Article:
Things went well for 10 months, then he was dropped from the label. “I was scared for my life,” he admits. “I went independent for 1½ years. I was my own booking agent and manager. I kept at it. If the door opened, I was walking through it.”

The decisive change came when he wrote a song titled, “Speak Life.” He happened to be recording it in a Nashville studio owned by Christian musician TobyMac. Mac liked the song, recorded it himself, and it was nominated for a Grammy for Best Contemporary Christian Music Song in 2014. Mac, age 50, owns Gotee Records; Stevenson has been on his label for two years and tours with him nationally with Billboard-topping hits including “Holding Nothing Back” and “The Human Side,” as well as “Not Forgotten.” 

Along with more tours with Mac, Stevenson is also confirmed to perform in the 2015 Newsboys' fall tour. His songs are regularly featured on Christian contemporary radio stations such as Boise-area's KTSY.  “Ryan Stevenson is a very unique artist,” Brian Yeager, general manager of KTSY, said. “He's a real guy, a guy who knows the life of being a dad, a husband, and a searcher for God. He's not afraid to share his life — whether the struggles of following a dream or getting healthy — and that openness makes him very unique and a special musician who is truly a minister through music.”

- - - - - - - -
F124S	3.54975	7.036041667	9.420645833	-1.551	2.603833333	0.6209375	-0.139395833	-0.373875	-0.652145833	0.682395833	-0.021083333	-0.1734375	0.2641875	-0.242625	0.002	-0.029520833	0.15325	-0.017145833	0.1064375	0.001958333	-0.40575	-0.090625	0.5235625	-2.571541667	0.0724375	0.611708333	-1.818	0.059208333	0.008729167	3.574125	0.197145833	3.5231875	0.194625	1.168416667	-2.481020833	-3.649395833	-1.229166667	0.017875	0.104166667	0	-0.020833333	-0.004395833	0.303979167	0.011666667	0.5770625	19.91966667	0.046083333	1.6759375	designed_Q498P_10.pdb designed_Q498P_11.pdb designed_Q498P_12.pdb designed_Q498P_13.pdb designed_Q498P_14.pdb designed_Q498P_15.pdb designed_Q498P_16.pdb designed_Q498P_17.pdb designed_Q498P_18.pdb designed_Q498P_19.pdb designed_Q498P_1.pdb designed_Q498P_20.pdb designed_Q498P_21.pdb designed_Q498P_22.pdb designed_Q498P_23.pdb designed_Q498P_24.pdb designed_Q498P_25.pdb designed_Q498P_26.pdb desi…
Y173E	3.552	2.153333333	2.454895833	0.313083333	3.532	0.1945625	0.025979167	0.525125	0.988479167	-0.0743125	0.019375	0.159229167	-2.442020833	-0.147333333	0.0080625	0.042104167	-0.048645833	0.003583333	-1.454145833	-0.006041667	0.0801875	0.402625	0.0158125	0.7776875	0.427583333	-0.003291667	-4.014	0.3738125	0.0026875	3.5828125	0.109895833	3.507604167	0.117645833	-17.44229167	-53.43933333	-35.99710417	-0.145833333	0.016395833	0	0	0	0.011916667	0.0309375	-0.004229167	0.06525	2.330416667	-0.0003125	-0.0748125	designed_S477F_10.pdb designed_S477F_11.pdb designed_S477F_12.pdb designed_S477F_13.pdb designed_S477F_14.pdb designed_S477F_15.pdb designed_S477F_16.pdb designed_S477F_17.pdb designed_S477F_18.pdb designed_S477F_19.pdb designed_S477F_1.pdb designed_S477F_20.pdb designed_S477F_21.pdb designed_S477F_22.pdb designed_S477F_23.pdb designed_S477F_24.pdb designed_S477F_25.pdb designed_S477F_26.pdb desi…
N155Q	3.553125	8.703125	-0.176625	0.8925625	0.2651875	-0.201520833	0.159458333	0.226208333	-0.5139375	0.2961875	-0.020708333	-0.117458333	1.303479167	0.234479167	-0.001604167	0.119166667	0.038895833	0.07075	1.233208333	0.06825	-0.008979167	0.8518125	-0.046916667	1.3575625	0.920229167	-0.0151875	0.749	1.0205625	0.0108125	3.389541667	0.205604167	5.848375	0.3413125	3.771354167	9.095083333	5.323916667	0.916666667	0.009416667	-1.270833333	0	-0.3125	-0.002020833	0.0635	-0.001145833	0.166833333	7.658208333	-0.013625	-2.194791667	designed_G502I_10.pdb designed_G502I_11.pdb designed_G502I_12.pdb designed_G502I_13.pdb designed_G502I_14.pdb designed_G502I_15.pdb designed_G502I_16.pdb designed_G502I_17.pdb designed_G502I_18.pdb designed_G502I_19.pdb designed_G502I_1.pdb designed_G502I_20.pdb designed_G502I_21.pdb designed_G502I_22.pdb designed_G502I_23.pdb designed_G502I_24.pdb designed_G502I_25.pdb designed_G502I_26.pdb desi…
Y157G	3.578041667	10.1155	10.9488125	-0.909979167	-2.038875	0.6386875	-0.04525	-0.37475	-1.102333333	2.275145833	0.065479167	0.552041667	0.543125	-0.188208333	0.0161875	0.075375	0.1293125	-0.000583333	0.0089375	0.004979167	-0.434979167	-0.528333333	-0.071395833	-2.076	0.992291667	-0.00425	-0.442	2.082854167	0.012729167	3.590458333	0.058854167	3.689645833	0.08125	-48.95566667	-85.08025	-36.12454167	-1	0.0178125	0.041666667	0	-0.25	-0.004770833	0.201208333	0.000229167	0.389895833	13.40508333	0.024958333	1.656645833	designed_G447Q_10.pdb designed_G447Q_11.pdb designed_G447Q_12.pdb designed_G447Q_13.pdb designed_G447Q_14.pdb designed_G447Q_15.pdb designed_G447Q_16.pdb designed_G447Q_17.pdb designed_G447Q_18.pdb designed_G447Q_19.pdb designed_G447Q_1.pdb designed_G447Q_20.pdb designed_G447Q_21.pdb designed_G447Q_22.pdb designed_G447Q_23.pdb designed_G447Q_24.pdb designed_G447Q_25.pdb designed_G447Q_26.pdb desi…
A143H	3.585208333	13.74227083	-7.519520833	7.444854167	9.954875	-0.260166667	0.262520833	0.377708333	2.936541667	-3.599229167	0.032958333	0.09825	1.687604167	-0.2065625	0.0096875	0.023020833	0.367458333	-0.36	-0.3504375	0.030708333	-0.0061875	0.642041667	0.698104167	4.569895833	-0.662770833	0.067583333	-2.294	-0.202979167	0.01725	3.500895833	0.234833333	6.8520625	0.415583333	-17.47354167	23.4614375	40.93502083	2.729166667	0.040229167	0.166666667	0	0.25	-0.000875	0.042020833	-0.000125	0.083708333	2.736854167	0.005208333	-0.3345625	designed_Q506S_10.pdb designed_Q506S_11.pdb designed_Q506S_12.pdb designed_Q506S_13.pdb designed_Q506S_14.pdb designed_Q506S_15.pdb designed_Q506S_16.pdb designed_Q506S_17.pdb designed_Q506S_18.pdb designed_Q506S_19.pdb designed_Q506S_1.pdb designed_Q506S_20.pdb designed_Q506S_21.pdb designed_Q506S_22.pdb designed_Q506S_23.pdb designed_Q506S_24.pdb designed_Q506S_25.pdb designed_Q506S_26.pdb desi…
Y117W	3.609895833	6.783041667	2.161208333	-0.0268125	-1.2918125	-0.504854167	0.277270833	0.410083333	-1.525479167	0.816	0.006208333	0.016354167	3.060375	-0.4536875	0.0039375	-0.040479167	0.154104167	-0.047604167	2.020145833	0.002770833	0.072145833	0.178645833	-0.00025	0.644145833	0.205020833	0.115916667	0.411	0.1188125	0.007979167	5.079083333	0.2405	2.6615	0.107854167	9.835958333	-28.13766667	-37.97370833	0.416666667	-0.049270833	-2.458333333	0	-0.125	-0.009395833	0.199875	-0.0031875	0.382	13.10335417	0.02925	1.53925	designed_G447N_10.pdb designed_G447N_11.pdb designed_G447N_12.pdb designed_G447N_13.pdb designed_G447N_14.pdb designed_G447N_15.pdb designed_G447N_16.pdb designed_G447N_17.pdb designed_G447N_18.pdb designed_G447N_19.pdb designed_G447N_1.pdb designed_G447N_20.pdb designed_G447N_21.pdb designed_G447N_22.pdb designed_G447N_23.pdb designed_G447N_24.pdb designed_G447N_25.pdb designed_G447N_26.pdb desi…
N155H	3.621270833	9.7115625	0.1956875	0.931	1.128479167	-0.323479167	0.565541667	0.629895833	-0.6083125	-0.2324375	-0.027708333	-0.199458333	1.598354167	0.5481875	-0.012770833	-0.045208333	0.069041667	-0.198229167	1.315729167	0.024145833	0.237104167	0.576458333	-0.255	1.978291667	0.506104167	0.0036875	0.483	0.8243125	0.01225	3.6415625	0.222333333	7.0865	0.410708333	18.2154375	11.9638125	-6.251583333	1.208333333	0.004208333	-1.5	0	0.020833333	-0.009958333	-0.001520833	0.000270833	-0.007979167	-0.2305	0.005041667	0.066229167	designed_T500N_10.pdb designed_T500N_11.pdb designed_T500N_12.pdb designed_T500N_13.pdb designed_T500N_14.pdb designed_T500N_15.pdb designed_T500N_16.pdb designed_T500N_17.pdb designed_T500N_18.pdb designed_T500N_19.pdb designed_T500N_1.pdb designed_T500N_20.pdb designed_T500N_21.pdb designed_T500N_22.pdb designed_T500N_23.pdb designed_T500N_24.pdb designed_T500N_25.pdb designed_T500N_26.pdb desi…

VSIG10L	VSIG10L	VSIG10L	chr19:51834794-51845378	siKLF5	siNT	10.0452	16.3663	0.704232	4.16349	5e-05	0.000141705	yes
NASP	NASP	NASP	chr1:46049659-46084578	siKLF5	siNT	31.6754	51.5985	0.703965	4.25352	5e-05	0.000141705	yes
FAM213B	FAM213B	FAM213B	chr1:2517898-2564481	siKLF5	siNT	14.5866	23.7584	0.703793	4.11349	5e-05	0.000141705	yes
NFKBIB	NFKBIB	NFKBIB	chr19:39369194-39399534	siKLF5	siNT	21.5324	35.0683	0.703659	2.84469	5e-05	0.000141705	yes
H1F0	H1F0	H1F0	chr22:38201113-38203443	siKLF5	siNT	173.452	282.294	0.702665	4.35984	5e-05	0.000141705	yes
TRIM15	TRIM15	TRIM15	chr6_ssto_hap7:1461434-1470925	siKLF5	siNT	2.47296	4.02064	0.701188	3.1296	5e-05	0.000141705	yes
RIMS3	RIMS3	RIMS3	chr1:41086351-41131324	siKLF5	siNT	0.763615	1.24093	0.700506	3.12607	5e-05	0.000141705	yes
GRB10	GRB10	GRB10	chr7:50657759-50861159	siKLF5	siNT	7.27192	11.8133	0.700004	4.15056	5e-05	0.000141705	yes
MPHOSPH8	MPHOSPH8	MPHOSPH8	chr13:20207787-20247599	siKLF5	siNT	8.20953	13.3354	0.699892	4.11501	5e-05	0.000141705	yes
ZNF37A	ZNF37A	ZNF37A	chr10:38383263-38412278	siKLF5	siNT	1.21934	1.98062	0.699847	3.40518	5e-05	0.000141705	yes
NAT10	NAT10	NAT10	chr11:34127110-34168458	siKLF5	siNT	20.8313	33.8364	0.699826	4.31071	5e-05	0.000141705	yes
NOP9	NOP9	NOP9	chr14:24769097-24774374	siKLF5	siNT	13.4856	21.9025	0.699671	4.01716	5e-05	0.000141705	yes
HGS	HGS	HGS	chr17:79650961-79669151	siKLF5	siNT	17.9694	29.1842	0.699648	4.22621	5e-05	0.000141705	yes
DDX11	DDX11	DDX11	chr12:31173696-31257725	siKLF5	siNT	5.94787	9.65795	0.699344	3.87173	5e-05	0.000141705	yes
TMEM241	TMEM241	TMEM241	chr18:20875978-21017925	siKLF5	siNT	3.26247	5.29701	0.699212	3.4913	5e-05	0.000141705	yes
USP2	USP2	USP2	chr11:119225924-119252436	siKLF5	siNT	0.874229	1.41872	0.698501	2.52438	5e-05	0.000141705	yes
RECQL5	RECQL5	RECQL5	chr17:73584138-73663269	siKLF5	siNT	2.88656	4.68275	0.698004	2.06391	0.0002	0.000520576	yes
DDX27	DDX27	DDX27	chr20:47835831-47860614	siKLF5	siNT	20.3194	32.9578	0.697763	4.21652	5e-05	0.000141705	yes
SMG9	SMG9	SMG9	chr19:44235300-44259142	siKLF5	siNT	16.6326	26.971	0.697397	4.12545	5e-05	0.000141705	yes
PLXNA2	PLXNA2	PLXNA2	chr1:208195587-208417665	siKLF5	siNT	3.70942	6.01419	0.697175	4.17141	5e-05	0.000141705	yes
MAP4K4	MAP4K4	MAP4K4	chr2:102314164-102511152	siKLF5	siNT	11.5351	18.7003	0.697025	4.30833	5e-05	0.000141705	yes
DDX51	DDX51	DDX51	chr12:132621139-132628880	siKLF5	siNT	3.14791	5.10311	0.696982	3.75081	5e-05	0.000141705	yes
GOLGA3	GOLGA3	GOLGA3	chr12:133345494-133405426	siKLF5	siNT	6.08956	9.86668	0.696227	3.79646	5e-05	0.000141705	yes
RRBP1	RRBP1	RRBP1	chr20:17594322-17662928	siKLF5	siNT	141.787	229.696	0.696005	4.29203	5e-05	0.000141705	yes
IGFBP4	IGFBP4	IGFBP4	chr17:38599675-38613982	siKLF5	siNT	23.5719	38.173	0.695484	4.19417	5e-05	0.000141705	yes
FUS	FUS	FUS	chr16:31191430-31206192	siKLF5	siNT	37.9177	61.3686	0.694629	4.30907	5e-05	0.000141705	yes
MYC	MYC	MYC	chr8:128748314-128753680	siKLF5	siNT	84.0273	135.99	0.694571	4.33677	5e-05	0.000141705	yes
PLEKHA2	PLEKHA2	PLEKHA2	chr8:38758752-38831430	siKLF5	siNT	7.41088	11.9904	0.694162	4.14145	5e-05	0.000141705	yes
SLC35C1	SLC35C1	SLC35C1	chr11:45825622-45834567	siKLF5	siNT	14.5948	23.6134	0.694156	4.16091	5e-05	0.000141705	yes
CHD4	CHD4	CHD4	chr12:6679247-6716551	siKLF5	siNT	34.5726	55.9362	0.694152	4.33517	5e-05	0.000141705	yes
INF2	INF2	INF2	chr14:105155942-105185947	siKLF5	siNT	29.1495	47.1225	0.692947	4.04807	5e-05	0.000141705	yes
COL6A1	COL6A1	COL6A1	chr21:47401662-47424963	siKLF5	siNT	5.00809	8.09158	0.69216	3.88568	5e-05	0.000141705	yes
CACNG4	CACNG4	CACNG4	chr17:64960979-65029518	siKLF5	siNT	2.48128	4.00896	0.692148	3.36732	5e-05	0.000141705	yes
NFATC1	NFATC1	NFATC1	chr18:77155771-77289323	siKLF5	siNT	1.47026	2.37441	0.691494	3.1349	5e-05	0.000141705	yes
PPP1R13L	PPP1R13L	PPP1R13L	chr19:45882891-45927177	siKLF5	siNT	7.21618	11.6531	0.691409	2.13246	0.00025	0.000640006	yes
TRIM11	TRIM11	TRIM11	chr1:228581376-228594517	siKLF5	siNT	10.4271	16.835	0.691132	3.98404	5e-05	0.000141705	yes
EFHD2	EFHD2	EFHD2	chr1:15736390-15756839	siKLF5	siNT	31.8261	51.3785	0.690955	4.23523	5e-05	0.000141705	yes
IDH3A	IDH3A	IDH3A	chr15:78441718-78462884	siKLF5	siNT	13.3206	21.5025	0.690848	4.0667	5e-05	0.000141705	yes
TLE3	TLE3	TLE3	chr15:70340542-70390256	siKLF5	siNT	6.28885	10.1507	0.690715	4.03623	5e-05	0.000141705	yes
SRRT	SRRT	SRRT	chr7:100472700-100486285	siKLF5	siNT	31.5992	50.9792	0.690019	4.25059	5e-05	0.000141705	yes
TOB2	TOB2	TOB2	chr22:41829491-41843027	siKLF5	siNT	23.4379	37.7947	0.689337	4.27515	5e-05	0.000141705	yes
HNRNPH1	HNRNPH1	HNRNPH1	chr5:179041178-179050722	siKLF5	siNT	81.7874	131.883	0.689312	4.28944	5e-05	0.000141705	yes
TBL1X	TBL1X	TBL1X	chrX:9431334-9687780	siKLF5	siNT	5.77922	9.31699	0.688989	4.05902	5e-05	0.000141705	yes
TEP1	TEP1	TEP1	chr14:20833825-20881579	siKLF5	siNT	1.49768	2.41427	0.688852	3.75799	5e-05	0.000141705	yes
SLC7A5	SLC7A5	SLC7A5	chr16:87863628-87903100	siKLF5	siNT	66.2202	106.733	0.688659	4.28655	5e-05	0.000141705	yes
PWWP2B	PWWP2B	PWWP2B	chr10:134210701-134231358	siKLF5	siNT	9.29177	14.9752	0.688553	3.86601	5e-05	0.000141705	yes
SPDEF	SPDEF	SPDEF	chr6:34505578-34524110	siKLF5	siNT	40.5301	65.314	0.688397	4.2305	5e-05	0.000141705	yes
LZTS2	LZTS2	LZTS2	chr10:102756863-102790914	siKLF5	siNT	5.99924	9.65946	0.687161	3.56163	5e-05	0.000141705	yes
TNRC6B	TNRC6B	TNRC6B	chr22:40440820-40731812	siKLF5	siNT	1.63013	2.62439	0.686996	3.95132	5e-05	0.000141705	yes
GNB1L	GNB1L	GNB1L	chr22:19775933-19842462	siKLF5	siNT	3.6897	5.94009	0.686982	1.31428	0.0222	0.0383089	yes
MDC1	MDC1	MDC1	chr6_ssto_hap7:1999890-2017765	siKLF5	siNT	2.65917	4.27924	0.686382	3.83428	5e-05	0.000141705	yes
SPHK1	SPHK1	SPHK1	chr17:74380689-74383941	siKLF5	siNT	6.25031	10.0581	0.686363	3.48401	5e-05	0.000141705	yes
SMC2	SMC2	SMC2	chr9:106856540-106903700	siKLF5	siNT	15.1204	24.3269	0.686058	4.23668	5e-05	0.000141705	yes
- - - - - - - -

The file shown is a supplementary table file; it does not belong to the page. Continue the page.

Stevenson, now 36, still leads worship at Vertical Church when his schedule allows. He's on the road roughly half the year and has performed for audiences in the contiguous 48 states, as well as in countries such as Denmark (before a crowd of 4,000), Holland, Belize, Guatemala, and Israel (“an unbelievable trip,” he said).

“I travel all the time. I don't get tired of the touring and events, just of the logistical stuff like airport security,” he said. “But it took me 12 years to get here, and I'm not going to complain.”

He travels with a drummer, a guitar player, and “a sound guy.” He is now his own brand: 356 Music LLC. He no longer serves as his own booking agent and manager but has a Nashville-based team of professionals who do that work for him. Along with Mac, other artists record his songs, and earlier this year he won two awards for Top Performed Christian Songs of 2014 at the American Society of Composers, Authors and Publishers Music Awards.

“I remember as a young kid, growing up on Petra and other pioneers in the business. I envisioned doing this. It was a dream. I never doubted, but it's such a long shot. It has tremendously grown me in my faith and my relationship with the Lord,” Stevenson said. “I try to minister. I have a theme and a poignant topic for the night, and I have a testimony. I may invite people to come forward, or to be where they are and respond to Jesus right there.”

His fan base is a diverse demographic from 7 to 70, he said.

Asked if he and his family will ever make the move to Nashville, he replied: “We have a home here. Everything we've done, we've done from here. We haven't sensed we're supposed to leave. God brought me to this region for a reason. I have favor in this community, and I want to be a good steward and see that through.”